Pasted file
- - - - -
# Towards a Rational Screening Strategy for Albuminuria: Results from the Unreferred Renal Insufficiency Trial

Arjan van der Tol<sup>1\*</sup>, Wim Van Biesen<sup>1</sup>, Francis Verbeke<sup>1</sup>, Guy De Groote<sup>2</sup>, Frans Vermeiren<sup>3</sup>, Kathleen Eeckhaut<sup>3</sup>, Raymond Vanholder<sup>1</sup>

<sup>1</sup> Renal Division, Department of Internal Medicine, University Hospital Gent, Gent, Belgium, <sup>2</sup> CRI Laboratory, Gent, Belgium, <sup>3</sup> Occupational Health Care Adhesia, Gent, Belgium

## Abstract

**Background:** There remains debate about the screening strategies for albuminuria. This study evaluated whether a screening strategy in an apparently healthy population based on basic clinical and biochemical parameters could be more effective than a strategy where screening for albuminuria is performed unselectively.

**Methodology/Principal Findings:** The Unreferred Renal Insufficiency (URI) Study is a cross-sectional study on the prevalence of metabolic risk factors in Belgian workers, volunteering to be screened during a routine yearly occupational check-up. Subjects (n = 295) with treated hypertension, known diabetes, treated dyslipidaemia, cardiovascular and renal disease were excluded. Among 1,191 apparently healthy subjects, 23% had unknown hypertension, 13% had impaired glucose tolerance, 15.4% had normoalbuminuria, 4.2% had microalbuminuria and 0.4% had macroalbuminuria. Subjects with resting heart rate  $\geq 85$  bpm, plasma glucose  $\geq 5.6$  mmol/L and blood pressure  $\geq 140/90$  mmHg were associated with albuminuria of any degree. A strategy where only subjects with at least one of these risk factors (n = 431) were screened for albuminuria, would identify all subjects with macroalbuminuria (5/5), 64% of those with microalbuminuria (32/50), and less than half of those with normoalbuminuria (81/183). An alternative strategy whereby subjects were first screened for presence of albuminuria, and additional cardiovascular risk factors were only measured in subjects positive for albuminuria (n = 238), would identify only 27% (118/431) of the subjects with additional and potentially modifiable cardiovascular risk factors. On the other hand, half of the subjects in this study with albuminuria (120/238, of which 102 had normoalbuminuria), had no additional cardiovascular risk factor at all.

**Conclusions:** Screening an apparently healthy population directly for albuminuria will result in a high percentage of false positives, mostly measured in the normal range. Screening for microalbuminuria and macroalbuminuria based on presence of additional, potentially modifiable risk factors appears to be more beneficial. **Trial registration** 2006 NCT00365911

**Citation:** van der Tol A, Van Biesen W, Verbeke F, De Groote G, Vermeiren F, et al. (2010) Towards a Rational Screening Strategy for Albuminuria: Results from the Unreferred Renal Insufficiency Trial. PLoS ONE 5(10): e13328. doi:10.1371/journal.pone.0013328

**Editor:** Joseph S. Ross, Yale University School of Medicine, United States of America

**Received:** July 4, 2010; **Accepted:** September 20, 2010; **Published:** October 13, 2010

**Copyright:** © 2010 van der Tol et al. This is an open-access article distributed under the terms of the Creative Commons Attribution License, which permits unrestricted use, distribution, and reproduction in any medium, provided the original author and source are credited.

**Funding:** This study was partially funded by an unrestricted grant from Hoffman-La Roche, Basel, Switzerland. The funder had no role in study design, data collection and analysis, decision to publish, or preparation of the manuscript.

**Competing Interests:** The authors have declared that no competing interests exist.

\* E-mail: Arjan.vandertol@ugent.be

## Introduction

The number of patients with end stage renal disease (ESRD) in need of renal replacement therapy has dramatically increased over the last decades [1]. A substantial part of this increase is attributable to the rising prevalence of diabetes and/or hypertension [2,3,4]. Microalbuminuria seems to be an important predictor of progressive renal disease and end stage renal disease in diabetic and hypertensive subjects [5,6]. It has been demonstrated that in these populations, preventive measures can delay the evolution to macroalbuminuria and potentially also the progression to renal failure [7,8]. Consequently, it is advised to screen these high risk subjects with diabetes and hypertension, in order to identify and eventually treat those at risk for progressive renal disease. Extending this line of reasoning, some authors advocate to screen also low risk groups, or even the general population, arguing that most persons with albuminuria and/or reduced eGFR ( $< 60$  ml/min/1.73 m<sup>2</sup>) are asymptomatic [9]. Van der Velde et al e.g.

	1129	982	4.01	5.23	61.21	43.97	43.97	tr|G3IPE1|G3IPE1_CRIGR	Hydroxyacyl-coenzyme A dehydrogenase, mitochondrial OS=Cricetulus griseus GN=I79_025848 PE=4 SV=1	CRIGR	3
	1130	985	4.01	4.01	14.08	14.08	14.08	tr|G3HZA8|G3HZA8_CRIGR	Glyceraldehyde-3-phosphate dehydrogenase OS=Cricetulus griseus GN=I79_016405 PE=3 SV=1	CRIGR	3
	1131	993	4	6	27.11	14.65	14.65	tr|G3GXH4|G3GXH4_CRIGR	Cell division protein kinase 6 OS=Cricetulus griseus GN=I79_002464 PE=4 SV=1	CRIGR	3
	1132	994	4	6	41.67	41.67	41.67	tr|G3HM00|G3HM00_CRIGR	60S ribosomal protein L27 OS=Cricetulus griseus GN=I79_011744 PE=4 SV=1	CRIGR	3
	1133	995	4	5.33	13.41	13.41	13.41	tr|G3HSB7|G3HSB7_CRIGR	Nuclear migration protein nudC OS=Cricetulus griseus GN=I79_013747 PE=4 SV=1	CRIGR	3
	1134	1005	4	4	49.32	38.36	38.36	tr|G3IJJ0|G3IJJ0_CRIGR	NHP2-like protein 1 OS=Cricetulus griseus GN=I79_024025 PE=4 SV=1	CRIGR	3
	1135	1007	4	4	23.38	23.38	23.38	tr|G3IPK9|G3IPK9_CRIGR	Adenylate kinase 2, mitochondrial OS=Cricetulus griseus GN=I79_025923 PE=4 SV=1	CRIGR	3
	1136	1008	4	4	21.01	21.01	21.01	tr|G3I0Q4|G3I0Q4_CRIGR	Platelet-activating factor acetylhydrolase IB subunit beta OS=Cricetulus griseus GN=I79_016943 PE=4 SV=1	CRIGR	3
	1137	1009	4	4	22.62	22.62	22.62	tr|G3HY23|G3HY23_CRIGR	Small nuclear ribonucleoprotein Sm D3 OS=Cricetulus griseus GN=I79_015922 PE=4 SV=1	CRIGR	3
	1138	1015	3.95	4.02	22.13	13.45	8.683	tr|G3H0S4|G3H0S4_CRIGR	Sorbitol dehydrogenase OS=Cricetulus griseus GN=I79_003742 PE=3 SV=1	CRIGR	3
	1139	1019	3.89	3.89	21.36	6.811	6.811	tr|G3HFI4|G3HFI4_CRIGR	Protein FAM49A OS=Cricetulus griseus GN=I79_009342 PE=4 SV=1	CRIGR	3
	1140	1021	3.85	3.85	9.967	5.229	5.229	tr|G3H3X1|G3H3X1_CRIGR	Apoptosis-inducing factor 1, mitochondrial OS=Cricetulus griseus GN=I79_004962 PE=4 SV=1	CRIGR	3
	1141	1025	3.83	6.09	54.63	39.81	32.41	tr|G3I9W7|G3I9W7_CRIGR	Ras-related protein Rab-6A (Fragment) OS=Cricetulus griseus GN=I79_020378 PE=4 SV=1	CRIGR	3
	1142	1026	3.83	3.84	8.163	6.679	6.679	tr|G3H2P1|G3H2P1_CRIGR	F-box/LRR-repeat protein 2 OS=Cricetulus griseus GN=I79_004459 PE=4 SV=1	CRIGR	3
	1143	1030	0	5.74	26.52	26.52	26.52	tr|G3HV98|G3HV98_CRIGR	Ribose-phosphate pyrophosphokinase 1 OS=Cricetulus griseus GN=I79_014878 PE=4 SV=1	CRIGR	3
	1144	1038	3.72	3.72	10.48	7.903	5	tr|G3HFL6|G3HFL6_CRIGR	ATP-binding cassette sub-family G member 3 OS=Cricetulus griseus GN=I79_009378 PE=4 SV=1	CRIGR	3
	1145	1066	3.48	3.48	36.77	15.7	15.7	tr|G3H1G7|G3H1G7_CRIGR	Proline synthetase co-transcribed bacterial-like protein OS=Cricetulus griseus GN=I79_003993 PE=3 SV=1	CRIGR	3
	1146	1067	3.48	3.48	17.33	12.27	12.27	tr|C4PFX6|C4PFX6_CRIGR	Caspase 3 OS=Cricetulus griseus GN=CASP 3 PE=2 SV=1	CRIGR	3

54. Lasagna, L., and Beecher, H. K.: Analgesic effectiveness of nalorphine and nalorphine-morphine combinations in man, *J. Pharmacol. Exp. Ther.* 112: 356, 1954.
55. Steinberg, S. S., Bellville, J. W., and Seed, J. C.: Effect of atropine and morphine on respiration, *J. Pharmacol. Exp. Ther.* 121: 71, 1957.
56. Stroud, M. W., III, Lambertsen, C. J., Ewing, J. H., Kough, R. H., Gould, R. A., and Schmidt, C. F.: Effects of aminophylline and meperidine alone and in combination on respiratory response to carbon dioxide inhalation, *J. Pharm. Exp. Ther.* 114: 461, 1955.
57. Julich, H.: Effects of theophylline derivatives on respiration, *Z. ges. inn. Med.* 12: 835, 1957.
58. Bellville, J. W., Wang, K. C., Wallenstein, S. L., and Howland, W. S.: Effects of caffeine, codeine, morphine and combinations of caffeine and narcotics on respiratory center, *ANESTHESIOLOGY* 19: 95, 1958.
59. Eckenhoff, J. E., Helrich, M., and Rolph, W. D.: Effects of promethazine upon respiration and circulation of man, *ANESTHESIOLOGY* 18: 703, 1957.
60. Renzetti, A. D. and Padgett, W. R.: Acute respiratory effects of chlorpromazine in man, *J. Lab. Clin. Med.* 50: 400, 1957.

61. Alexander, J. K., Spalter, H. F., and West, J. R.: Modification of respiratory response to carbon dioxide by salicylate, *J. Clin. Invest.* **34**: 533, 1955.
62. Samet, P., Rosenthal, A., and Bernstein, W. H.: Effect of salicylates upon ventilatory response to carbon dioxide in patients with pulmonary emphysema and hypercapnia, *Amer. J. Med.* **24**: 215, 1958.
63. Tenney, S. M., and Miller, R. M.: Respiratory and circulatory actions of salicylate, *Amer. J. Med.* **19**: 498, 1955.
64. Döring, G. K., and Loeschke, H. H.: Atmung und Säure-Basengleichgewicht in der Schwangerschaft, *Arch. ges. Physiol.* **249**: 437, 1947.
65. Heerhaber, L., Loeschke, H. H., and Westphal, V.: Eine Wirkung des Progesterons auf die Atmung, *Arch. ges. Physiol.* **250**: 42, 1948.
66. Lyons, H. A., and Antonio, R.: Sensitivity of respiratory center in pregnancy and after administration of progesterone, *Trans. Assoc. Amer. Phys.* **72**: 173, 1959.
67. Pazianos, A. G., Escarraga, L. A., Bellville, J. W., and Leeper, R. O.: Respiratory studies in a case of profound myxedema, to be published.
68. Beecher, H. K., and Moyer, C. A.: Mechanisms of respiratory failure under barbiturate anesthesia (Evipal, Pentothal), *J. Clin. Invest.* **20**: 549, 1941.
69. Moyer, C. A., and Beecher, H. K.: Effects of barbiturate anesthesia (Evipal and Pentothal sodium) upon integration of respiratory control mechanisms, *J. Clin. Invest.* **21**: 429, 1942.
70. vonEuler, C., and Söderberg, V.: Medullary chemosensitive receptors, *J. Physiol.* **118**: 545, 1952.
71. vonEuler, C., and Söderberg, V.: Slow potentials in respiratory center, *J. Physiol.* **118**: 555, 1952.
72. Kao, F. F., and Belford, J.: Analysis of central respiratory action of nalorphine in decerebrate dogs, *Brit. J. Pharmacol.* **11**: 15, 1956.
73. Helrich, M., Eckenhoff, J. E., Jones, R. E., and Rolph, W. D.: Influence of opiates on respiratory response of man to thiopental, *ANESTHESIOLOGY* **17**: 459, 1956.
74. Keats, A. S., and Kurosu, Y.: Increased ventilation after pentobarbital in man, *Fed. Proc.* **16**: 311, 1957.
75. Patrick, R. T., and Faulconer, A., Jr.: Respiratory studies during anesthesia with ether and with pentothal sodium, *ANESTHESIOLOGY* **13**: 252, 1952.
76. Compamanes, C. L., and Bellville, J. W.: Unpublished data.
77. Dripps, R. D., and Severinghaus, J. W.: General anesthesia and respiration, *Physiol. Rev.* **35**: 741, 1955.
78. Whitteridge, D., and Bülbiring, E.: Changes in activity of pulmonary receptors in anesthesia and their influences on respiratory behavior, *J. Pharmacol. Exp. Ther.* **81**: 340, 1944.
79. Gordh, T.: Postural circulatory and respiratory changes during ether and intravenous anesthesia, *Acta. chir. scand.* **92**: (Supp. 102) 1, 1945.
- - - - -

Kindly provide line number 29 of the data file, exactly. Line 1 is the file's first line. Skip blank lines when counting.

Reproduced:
	1141	1025	3.83	6.09	54.63	39.81	32.41	tr|G3I9W7|G3I9W7_CRIGR	Ras-related protein Rab-6A (Fragment) OS=Cricetulus griseus GN=I79_020378 PE=4 SV=1	CRIGR	3